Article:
Author Topic: Unique Investments  (Read 4084 times)

Secretly Saving

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Unique Investments
« on: February 18, 2015, 09:10:04 PM »
I'm curious about the unique investments that investors on the forums are involved with.  Things like:

- paintings
- antiques
- old cars
- peer to peer lending

Anyone involved in these or other less common investments?
« Last Edit: February 18, 2015, 09:11:50 PM by Secretly Saving »

gimp

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Re: Unique Investments
« Reply #1 on: February 18, 2015, 11:51:08 PM »
They're great if you have play money, and when a 100% write-off of your investment won't ruin your week. (Unless you're actively involved, for example, professionally restoring old cars for profit, or breaking kneecaps when you don't get your money back in a timely manner.)

Dimitri

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Re: Unique Investments
« Reply #2 on: February 19, 2015, 07:33:02 AM »
They're great if you have play money, and when a 100% write-off of your investment won't ruin your week. (Unless you're actively involved, for example, professionally restoring old cars for profit, or breaking kneecaps when you don't get your money back in a timely manner.)

Right now the going rate is 3% a week.  Not a bad return.  More common is to pool your funds with other investors and pay 1/3 of the interest to the lending agency that is facilitating your investment.  Your risk is diversified and you don't have to deal with collections.  The minimum investment is typically $10,000 which will earn you $200 weekly.

dandarc

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Re: Unique Investments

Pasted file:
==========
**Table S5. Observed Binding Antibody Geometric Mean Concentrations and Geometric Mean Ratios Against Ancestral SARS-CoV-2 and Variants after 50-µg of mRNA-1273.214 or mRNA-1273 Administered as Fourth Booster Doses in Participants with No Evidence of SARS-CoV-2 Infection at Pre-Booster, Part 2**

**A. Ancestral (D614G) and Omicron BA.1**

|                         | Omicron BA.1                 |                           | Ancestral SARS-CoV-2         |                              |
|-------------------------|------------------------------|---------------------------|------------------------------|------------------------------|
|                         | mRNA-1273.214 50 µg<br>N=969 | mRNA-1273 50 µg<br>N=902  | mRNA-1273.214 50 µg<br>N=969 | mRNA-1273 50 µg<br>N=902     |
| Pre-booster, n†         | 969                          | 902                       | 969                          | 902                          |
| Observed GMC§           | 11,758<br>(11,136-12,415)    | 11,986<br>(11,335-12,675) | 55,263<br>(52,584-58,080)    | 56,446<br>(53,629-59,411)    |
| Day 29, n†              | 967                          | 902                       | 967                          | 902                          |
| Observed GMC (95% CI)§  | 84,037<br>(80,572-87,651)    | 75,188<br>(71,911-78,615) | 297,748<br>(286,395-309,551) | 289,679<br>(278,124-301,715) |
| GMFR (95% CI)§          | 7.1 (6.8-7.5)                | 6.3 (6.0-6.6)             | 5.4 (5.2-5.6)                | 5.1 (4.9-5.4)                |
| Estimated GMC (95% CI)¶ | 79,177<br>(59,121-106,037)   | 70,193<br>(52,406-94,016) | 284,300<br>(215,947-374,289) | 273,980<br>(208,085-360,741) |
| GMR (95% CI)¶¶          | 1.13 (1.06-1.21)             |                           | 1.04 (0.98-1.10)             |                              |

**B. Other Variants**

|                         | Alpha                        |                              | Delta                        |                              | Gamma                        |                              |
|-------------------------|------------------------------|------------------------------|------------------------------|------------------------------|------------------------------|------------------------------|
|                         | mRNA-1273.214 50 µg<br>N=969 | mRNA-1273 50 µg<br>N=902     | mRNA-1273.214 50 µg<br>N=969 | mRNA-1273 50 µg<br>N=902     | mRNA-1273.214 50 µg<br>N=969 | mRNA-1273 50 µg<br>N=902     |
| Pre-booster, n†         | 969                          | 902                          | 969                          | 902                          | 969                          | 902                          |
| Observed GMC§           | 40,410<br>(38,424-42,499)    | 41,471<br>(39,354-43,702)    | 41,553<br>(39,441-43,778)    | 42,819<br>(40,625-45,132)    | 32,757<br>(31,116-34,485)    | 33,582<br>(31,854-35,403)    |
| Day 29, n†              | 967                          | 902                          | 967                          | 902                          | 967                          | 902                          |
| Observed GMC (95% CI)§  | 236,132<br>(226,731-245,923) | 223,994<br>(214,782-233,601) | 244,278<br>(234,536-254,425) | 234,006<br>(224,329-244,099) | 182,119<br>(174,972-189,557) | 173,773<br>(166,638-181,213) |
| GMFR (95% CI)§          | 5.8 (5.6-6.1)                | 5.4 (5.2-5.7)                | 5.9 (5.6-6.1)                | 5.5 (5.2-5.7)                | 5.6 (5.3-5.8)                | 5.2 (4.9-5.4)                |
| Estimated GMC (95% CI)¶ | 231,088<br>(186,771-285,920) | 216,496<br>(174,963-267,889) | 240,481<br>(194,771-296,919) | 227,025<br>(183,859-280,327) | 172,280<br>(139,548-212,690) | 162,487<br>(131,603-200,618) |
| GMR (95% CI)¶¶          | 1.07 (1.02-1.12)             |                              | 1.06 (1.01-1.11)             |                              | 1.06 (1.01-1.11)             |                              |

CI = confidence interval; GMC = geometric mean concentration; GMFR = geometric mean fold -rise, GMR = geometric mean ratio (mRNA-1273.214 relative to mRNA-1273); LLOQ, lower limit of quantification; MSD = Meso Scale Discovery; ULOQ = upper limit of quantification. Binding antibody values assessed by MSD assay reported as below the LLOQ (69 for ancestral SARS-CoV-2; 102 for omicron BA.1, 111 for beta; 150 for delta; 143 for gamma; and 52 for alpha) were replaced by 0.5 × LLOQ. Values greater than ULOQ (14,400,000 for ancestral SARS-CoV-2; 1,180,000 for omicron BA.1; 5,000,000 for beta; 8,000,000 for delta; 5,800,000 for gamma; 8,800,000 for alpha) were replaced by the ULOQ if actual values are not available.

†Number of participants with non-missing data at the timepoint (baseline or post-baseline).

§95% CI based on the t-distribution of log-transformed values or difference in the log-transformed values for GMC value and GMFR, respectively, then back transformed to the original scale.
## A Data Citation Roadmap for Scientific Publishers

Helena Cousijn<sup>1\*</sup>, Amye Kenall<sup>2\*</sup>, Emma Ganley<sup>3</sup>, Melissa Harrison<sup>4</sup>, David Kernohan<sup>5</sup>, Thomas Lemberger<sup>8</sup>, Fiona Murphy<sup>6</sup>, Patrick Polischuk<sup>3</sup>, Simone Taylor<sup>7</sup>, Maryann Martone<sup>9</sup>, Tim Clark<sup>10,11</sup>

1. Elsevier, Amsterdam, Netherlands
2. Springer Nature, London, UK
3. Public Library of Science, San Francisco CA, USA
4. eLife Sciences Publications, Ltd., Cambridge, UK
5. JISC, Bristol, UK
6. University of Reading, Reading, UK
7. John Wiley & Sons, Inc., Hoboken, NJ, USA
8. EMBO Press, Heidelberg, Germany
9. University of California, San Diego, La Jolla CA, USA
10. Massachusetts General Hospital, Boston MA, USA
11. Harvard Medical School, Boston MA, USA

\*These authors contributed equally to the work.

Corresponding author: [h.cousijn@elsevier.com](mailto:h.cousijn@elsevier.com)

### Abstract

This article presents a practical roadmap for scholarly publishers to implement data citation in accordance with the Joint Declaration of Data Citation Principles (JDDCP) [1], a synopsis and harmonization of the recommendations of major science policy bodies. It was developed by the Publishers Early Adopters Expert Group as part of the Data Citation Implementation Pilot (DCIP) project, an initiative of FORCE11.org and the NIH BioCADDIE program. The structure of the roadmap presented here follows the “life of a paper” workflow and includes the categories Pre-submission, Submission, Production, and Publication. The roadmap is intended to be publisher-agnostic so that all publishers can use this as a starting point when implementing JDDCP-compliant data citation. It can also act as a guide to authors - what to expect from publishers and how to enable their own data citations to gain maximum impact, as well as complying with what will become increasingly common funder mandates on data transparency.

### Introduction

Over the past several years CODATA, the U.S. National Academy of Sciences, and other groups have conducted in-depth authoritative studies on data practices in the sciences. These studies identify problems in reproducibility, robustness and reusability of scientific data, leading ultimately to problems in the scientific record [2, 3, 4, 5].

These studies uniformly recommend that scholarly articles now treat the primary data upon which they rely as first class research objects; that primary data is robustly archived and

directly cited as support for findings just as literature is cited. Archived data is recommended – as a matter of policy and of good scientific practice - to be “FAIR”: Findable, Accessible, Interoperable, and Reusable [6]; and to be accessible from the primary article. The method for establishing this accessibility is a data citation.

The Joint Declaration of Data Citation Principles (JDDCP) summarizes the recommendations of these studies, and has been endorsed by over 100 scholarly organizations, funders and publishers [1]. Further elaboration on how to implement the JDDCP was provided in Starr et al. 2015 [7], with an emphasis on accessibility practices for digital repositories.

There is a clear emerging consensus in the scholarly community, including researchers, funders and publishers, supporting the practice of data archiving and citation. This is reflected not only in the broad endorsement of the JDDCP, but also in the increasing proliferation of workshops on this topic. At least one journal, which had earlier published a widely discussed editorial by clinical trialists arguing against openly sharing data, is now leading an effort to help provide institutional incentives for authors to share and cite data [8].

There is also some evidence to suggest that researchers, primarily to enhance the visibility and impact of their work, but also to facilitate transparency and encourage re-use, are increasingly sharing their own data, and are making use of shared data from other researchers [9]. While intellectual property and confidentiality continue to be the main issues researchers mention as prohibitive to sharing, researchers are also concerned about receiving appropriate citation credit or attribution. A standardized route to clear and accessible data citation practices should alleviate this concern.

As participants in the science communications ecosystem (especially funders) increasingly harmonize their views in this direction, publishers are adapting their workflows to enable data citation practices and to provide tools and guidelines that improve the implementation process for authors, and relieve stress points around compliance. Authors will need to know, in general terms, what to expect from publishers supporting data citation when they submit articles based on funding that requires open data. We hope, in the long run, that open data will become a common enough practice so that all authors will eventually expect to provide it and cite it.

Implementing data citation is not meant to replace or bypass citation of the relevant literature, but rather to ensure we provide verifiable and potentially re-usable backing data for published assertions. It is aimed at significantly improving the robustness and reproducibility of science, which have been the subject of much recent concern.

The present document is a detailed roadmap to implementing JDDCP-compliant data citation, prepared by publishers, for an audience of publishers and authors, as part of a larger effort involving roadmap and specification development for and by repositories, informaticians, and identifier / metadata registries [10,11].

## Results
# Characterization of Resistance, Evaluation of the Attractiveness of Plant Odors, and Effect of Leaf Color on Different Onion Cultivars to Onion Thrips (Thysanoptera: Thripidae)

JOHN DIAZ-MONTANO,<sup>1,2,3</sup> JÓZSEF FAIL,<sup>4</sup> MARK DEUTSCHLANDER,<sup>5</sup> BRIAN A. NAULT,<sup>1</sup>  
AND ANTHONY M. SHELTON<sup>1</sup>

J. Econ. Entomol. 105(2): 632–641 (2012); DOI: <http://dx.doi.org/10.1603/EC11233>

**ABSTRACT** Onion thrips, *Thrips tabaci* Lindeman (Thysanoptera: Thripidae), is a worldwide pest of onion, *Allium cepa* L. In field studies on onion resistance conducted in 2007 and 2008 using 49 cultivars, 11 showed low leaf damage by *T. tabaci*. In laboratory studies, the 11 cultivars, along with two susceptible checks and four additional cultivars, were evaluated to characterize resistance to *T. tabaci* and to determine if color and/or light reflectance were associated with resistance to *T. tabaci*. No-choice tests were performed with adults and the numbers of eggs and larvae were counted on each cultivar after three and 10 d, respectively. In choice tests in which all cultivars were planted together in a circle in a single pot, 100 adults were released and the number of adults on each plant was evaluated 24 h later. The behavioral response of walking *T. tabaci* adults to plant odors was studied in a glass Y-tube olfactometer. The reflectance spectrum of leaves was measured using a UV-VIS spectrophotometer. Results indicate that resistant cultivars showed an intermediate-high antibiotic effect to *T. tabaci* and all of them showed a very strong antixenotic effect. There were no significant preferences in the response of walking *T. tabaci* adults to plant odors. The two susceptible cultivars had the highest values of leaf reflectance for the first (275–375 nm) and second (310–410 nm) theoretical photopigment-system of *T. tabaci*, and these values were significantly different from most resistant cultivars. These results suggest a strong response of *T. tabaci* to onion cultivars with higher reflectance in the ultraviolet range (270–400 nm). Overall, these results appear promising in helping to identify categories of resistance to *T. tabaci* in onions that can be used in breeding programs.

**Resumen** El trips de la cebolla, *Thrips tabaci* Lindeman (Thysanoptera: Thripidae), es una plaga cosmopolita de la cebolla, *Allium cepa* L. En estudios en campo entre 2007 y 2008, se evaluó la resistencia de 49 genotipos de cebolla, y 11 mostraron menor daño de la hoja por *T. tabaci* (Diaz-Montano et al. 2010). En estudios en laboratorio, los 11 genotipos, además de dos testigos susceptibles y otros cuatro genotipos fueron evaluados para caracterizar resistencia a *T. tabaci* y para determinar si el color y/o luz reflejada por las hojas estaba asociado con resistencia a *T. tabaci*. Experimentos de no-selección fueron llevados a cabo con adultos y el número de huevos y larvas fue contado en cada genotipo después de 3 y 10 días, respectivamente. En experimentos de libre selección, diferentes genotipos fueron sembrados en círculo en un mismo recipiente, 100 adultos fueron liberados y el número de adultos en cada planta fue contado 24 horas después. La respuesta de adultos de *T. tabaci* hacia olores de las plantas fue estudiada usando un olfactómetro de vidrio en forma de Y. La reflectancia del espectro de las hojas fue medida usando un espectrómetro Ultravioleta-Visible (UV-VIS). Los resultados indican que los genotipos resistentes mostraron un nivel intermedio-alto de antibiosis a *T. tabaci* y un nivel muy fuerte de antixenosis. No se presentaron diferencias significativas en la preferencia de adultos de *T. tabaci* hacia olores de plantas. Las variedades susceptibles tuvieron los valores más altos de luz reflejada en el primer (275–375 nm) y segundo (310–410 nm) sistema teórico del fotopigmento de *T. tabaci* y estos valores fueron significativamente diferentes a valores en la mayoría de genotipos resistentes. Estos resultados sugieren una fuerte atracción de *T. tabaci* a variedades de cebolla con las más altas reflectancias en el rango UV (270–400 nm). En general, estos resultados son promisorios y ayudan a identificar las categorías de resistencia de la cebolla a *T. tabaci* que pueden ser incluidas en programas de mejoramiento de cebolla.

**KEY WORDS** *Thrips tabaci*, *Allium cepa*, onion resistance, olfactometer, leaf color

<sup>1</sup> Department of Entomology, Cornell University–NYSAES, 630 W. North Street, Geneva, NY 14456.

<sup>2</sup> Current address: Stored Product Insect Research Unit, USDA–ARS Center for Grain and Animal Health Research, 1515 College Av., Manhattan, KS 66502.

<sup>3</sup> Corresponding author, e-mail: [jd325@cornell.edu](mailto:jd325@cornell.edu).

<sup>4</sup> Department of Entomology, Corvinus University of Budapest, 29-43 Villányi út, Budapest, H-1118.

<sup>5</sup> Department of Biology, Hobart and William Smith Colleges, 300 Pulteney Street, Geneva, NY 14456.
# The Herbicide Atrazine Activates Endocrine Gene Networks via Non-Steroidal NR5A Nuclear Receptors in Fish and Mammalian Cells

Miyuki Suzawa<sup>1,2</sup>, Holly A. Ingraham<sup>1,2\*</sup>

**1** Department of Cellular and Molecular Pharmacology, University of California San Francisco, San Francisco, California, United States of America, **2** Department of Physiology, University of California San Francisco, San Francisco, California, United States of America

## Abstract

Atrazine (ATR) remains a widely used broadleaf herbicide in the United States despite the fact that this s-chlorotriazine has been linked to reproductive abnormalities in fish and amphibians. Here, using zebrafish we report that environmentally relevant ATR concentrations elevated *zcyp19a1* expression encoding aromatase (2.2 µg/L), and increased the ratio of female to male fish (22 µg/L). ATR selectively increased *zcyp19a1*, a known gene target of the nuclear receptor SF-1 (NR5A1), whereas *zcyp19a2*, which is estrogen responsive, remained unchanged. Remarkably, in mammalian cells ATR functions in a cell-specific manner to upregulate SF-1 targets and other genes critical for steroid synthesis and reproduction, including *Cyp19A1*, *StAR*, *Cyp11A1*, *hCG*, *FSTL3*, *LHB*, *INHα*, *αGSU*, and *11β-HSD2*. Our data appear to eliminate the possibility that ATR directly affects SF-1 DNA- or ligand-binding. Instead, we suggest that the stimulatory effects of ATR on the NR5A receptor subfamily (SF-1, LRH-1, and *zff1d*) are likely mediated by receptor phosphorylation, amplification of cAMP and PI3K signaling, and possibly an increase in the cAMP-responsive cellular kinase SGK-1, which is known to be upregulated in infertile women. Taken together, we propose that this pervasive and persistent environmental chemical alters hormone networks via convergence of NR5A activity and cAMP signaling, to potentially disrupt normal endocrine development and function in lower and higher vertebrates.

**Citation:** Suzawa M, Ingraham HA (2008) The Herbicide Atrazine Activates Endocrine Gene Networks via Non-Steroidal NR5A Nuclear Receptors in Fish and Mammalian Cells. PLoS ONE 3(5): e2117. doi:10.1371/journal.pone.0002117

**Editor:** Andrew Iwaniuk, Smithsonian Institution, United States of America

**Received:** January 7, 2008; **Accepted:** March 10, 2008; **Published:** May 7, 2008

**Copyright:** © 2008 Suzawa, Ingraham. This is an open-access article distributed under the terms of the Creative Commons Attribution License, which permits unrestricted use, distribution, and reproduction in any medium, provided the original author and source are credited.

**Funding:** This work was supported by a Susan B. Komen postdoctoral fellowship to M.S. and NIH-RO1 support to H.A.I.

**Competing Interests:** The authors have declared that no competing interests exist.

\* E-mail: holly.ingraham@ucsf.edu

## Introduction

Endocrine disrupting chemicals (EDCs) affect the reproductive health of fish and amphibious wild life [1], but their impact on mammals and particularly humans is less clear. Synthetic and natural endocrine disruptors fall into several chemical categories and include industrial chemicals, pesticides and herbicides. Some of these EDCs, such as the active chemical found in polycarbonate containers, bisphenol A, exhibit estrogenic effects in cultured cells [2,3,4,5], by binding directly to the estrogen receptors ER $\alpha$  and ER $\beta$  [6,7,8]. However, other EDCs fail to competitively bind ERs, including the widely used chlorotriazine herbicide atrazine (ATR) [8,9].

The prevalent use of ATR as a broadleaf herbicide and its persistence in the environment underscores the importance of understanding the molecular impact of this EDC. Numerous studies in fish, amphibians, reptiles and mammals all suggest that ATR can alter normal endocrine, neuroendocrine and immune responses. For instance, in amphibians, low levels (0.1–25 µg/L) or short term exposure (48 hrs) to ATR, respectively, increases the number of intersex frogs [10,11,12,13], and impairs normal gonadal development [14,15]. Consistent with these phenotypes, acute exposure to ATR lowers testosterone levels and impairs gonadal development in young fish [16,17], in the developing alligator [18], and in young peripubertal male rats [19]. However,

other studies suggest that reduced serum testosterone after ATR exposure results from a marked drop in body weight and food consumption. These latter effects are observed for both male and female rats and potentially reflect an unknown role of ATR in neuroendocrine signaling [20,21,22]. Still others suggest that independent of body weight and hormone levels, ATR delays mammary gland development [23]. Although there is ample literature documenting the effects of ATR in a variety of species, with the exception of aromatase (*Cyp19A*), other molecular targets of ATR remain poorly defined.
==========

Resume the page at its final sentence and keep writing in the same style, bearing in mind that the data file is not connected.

« Reply #3 on: February 19, 2015, 07:55:47 AM »
They're great if you have play money, and when a 100% write-off of your investment won't ruin your week. (Unless you're actively involved, for example, professionally restoring old cars for profit, or breaking kneecaps when you don't get your money back in a timely manner.)
I like this take on peer-to-peer lending.  Lending Clubs have been around forever!

Secretly Saving

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Re: Unique Investments
« Reply #4 on: March 03, 2015, 08:16:04 PM »
I know someone who dabbled in the lego sets. 

Indexer

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Re: Unique Investments
« Reply #5 on: March 03, 2015, 08:40:09 PM »
I'm curious about the unique investments that investors on the forums are involved with.  Things like:

- paintings
- antiques
- old cars
- peer to peer lending

Anyone involved in these or other less common investments?

Just to clarify peer to peer lending is investing, its loaning money for interest payments similar to bonds or REITs, but everything else listed are 'collectibles'.  Collectibles are not investments.  If you want to speculate in collectibles that is fine and all, but it doesn't actually meet the definition of the word investment as used in finance. 

If you want to try it out it could be fun, but I would treat it as a hobby(likely an expensive one) that you do on the side.  Your long term investments should be invested in actual investments.  ; )

From Investopedia: I underlined the part I thought was most important.
Quote from: Investopedia
The building of a factory used to produce goods and the investment one makes by going to college or university are both examples of investments in the economic sense. 

In the financial sense investments include the purchase of bonds, stocks or real estate property.

Be sure not to get 'making an investment' and 'speculating' confused. Investing usually involves the creation of wealth whereas speculating is often a zero-sum game; wealth is not created. Although speculators are often making informed decisions, speculation cannot usually be categorized as traditional investing.